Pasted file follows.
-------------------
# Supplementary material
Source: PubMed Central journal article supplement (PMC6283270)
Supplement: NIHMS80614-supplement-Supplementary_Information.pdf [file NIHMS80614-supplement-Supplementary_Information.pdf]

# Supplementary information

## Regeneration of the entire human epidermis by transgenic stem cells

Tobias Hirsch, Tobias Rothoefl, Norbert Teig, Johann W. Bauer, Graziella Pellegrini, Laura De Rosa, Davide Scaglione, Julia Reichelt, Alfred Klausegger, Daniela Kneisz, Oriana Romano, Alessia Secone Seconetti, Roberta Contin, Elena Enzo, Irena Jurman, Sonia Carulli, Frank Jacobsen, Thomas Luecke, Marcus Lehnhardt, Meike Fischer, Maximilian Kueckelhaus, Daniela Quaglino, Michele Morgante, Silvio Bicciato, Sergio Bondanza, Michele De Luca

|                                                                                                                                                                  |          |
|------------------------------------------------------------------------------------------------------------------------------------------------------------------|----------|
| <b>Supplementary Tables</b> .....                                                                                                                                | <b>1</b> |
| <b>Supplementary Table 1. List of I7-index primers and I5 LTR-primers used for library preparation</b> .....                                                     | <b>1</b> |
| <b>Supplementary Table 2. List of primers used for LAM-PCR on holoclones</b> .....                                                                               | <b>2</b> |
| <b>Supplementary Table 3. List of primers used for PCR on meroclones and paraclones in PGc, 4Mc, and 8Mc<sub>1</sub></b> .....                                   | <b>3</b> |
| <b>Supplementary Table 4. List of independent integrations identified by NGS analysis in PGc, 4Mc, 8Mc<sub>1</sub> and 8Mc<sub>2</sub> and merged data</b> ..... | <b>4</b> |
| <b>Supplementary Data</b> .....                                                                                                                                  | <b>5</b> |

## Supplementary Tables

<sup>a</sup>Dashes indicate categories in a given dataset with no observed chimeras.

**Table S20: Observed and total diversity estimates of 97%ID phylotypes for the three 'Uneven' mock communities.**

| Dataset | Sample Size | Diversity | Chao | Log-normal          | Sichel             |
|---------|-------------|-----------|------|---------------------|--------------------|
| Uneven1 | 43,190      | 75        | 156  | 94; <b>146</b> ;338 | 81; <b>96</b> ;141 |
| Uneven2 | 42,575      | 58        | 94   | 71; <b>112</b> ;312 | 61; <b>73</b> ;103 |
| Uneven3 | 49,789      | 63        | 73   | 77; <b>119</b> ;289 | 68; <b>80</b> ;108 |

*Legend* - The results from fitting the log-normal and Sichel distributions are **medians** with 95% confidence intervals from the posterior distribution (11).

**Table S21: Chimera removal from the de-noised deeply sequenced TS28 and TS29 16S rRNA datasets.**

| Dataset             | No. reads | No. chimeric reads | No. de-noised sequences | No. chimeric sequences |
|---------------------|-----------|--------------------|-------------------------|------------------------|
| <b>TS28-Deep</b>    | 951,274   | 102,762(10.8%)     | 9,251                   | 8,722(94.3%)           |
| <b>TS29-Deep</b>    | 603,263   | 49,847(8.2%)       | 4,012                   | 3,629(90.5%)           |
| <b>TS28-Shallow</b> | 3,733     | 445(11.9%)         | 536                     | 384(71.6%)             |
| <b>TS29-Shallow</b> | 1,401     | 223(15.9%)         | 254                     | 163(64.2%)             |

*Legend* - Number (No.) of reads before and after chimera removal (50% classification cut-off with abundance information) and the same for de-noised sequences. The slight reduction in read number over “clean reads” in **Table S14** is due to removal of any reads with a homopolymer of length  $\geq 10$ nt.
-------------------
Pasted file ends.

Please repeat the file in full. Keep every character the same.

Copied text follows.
# Supplementary material
Source: PubMed Central journal article supplement (PMC6283270)
Supplement: NIHMS80614-supplement-Supplementary_Information.pdf [file NIHMS80614-supplement-Supplementary_Information.pdf]

# Supplementary information

## Regeneration of the entire human epidermis by transgenic stem cells

Tobias Hirsch, Tobias Rothoefl, Norbert Teig, Johann W. Bauer, Graziella Pellegrini, Laura De Rosa, Davide Scaglione, Julia Reichelt, Alfred Klausegger, Daniela Kneisz, Oriana Romano, Alessia Secone Seconetti, Roberta Contin, Elena Enzo, Irena Jurman, Sonia Carulli, Frank Jacobsen, Thomas Luecke, Marcus Lehnhardt, Meike Fischer, Maximilian Kueckelhaus, Daniela Quaglino, Michele Morgante, Silvio Bicciato, Sergio Bondanza, Michele De Luca

|                                                                                                                                                                  |          |
|------------------------------------------------------------------------------------------------------------------------------------------------------------------|----------|
| <b>Supplementary Tables</b> .....                                                                                                                                | <b>1</b> |
| <b>Supplementary Table 1. List of I7-index primers and I5 LTR-primers used for library preparation</b> .....                                                     | <b>1</b> |
| <b>Supplementary Table 2. List of primers used for LAM-PCR on holoclones</b> .....                                                                               | <b>2</b> |
| <b>Supplementary Table 3. List of primers used for PCR on meroclones and paraclones in PGc, 4Mc, and 8Mc<sub>1</sub></b> .....                                   | <b>3</b> |
| <b>Supplementary Table 4. List of independent integrations identified by NGS analysis in PGc, 4Mc, 8Mc<sub>1</sub> and 8Mc<sub>2</sub> and merged data</b> ..... | <b>4</b> |
| <b>Supplementary Data</b> .....                                                                                                                                  | <b>5</b> |

## Supplementary Tables

<sup>a</sup>Dashes indicate categories in a given dataset with no observed chimeras.

**Table S20: Observed and total diversity estimates of 97%ID phylotypes for the three 'Uneven' mock communities.**

| Dataset | Sample Size | Diversity | Chao | Log-normal          | Sichel             |
|---------|-------------|-----------|------|---------------------|--------------------|
| Uneven1 | 43,190      | 75        | 156  | 94; <b>146</b> ;338 | 81; <b>96</b> ;141 |
| Uneven2 | 42,575      | 58        | 94   | 71; <b>112</b> ;312 | 61; <b>73</b> ;103 |
| Uneven3 | 49,789      | 63        | 73   | 77; <b>119</b> ;289 | 68; <b>80</b> ;108 |

*Legend* - The results from fitting the log-normal and Sichel distributions are **medians** with 95% confidence intervals from the posterior distribution (11).

**Table S21: Chimera removal from the de-noised deeply sequenced TS28 and TS29 16S rRNA datasets.**

| Dataset             | No. reads | No. chimeric reads | No. de-noised sequences | No. chimeric sequences |
|---------------------|-----------|--------------------|-------------------------|------------------------|
| <b>TS28-Deep</b>    | 951,274   | 102,762(10.8%)     | 9,251                   | 8,722(94.3%)           |
| <b>TS29-Deep</b>    | 603,263   | 49,847(8.2%)       | 4,012                   | 3,629(90.5%)           |
| <b>TS28-Shallow</b> | 3,733     | 445(11.9%)         | 536                     | 384(71.6%)             |
| <b>TS29-Shallow</b> | 1,401     | 223(15.9%)         | 254                     | 163(64.2%)             |

*Legend* - Number (No.) of reads before and after chimera removal (50% classification cut-off with abundance information) and the same for de-noised sequences. The slight reduction in read number over “clean reads” in **Table S14** is due to removal of any reads with a homopolymer of length  $\geq 10$ nt.